Finance

Your Guide to Navigate Medicare Open Enrollment This Year

Are you getting bombarded with TV commercials and a mountain of health insurance advertisements in the mail?

You’re not the only one. It’s that time of year again: Medicare open enrollment.

During this roughly two-month period, Medicare beneficiaries can compare and adjust their coverage. Private insurance companies aggressively advertise their plans in hopes that you’ll sign up for them.

But should you switch plans during the Medicare open enrollment period? How does the process work and what are your options?

In this guide, we break everything you need to know. Let’s get started.

What Is Medicare Open Enrollment?

Medicare open enrollment, also known as the annual election period, runs from Oct. 15 through Dec. 7 each year.

It’s the time when people who are already enrolled in Medicare can make changes to their plans.

If you’re happy with your Medicare coverage, you don’t need to do anything. You don’t need to “renew” your coverage.

During open enrollment, you can:

  • Switch from Original Medicare to Medicare Advantage or vice versa.
  • Switch to a different Medicare Advantage plan.
  • Sign up for Part D if you didn’t enroll when you first became eligible.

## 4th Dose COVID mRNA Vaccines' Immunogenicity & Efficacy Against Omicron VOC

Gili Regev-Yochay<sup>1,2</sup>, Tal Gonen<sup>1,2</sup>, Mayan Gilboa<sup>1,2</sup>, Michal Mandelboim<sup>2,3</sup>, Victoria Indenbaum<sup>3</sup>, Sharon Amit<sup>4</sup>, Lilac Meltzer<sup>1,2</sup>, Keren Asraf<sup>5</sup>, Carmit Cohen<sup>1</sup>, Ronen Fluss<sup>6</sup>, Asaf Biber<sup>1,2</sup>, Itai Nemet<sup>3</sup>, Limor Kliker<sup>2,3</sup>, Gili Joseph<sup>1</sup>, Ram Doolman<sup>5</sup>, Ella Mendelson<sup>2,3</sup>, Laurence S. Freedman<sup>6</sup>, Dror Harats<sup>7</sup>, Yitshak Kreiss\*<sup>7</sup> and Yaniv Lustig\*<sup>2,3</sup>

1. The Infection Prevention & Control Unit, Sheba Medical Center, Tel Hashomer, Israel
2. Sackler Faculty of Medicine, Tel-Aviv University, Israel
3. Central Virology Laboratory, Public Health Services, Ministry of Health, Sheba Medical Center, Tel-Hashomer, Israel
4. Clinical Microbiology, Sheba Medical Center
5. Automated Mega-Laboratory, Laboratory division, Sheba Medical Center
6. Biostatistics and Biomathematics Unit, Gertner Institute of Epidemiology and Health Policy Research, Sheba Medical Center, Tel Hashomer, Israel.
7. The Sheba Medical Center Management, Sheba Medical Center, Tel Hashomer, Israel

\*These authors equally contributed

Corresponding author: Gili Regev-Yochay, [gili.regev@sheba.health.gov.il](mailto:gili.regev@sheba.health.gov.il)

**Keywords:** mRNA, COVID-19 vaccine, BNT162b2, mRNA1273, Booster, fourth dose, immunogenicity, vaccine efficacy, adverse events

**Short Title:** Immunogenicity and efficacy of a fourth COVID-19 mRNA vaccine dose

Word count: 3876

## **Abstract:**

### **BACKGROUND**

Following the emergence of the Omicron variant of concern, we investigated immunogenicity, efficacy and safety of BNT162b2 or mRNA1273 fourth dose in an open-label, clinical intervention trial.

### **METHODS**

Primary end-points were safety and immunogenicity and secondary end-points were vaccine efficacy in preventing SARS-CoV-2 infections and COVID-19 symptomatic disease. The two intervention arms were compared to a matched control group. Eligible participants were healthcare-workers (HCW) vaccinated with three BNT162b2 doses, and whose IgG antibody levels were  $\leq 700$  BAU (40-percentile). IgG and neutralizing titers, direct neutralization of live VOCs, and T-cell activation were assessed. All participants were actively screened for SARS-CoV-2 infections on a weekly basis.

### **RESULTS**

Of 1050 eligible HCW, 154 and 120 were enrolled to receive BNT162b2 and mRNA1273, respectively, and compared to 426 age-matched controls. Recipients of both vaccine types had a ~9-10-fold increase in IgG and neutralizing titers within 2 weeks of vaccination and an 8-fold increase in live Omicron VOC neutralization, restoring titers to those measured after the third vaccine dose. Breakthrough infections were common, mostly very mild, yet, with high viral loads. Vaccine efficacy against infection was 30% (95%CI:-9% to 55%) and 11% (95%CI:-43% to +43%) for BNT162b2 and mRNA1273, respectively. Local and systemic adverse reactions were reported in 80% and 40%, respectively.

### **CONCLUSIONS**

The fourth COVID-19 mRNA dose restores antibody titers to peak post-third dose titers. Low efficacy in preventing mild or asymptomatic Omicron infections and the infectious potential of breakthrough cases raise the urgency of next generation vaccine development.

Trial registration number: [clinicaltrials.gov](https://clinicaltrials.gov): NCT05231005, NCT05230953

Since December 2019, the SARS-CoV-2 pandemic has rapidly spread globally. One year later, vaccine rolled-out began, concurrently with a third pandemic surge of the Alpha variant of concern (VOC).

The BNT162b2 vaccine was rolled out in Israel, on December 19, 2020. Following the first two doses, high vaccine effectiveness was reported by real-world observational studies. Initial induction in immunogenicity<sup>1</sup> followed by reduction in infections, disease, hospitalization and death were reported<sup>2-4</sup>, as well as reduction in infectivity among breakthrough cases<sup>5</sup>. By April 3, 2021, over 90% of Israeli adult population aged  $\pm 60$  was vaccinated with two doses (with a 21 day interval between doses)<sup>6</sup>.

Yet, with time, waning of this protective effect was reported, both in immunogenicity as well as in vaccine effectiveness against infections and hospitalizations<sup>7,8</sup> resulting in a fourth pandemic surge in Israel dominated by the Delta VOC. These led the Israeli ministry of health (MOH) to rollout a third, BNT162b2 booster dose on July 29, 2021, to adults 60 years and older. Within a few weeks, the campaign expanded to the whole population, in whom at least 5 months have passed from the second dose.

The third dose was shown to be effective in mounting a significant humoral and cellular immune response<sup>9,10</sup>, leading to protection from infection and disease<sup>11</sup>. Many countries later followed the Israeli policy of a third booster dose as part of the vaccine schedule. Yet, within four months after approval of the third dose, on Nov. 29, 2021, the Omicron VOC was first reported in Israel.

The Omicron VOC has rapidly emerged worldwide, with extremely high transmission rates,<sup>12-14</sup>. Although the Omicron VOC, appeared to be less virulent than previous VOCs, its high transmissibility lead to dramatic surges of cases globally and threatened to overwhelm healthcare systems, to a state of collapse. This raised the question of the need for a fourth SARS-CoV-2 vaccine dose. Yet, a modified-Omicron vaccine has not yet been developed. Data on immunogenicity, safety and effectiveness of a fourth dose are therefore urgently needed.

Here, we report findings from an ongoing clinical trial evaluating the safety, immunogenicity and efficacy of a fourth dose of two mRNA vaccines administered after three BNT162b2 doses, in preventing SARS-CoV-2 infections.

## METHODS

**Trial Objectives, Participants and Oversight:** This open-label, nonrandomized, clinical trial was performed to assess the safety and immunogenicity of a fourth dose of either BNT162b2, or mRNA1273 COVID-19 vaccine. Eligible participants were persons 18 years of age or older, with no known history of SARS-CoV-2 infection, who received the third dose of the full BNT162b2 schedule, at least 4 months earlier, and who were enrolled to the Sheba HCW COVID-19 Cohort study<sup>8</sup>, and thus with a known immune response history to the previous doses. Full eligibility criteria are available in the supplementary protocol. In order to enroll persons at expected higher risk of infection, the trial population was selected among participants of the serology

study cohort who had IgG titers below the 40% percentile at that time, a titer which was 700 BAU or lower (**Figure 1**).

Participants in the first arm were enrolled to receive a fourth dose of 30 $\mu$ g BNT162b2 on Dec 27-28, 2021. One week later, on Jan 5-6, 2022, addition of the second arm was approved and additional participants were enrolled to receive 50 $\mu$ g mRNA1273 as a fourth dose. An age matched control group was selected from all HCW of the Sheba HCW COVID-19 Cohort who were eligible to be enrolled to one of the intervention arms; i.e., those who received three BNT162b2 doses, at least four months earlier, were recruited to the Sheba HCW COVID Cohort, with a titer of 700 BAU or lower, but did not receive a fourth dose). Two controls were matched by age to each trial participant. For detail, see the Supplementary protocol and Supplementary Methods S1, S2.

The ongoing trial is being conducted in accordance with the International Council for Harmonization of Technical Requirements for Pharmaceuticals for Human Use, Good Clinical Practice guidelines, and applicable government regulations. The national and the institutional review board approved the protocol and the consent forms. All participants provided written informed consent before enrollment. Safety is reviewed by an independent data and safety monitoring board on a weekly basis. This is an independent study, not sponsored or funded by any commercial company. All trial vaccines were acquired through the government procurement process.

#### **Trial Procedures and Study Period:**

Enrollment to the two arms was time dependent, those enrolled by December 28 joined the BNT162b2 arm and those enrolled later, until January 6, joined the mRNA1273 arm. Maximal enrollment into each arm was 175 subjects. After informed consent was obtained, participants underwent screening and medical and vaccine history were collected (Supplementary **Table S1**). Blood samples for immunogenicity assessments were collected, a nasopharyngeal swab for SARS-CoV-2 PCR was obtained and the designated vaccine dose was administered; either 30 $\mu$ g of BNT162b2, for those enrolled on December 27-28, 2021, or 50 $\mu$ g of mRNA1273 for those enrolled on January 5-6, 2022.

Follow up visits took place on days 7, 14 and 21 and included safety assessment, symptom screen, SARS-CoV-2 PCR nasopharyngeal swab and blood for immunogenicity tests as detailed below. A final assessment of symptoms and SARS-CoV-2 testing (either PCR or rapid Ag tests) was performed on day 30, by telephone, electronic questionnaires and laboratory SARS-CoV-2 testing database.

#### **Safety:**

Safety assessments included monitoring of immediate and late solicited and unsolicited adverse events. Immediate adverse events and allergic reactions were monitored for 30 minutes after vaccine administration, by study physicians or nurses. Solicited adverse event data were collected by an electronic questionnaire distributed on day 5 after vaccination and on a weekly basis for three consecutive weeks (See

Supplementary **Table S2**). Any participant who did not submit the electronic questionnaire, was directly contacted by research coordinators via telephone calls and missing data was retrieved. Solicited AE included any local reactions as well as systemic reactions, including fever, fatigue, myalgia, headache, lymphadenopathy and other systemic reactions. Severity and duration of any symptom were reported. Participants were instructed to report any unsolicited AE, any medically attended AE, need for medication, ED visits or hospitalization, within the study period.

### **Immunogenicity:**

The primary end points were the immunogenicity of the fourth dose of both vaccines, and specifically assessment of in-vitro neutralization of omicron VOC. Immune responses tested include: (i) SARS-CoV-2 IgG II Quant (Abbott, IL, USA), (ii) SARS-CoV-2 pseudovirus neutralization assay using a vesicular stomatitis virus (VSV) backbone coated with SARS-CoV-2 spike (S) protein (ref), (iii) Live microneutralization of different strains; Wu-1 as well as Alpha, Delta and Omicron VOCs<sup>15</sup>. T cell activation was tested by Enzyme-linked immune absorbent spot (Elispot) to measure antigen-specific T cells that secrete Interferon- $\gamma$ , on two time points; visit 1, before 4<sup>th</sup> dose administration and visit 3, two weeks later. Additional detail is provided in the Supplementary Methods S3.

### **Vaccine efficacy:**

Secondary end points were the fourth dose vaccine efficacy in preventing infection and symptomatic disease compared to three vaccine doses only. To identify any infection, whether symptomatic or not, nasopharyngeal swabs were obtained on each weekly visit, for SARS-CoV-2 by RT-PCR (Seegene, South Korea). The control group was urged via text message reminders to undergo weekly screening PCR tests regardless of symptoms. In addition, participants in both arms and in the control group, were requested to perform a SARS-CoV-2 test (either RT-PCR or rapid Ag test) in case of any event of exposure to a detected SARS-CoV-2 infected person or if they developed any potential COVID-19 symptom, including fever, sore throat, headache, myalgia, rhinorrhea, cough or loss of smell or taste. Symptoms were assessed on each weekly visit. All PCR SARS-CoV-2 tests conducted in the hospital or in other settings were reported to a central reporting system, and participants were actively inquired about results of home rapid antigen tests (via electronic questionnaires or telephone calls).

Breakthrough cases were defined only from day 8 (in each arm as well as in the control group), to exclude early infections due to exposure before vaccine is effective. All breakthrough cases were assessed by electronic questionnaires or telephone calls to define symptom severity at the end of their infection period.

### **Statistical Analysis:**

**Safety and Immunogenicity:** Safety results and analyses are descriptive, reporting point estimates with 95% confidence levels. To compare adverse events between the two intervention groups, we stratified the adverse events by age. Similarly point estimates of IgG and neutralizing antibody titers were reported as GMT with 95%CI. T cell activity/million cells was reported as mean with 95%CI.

• Change to a different Part D plan.

Whatever changes you make will go into effect Jan. 1. So if you make changes during the 2022 open enrollment period, your new benefits will kick in January 2023.

Information about next year’s plans will be available starting in October.

Need a refresher on Medicare? Check out these 7 frequently asked questions on how Medicare works.

How Do You Sign Up for a New Plan During Open Enrollment?

There are two ways you can enroll in a  new plan during Medicare open enrollment.

  • Use the online Medicare plan finder tool.
  • Call Medicare’s helpline at 800-633-4227 (TTY: 877-486-2048) and ask the representative to conduct the same search for you.

Once you join a new plan, you’ll automatically be removed from your old plan when your new coverage begins.

If you go from Original Medicare to a Medicare Advantage plan, make sure to notify your current Medigap provider if you have one. You’ll also need to contact and cancel your Medicare Part D drug plan if your new Medicare Advantage plan provides prescription drug coverage.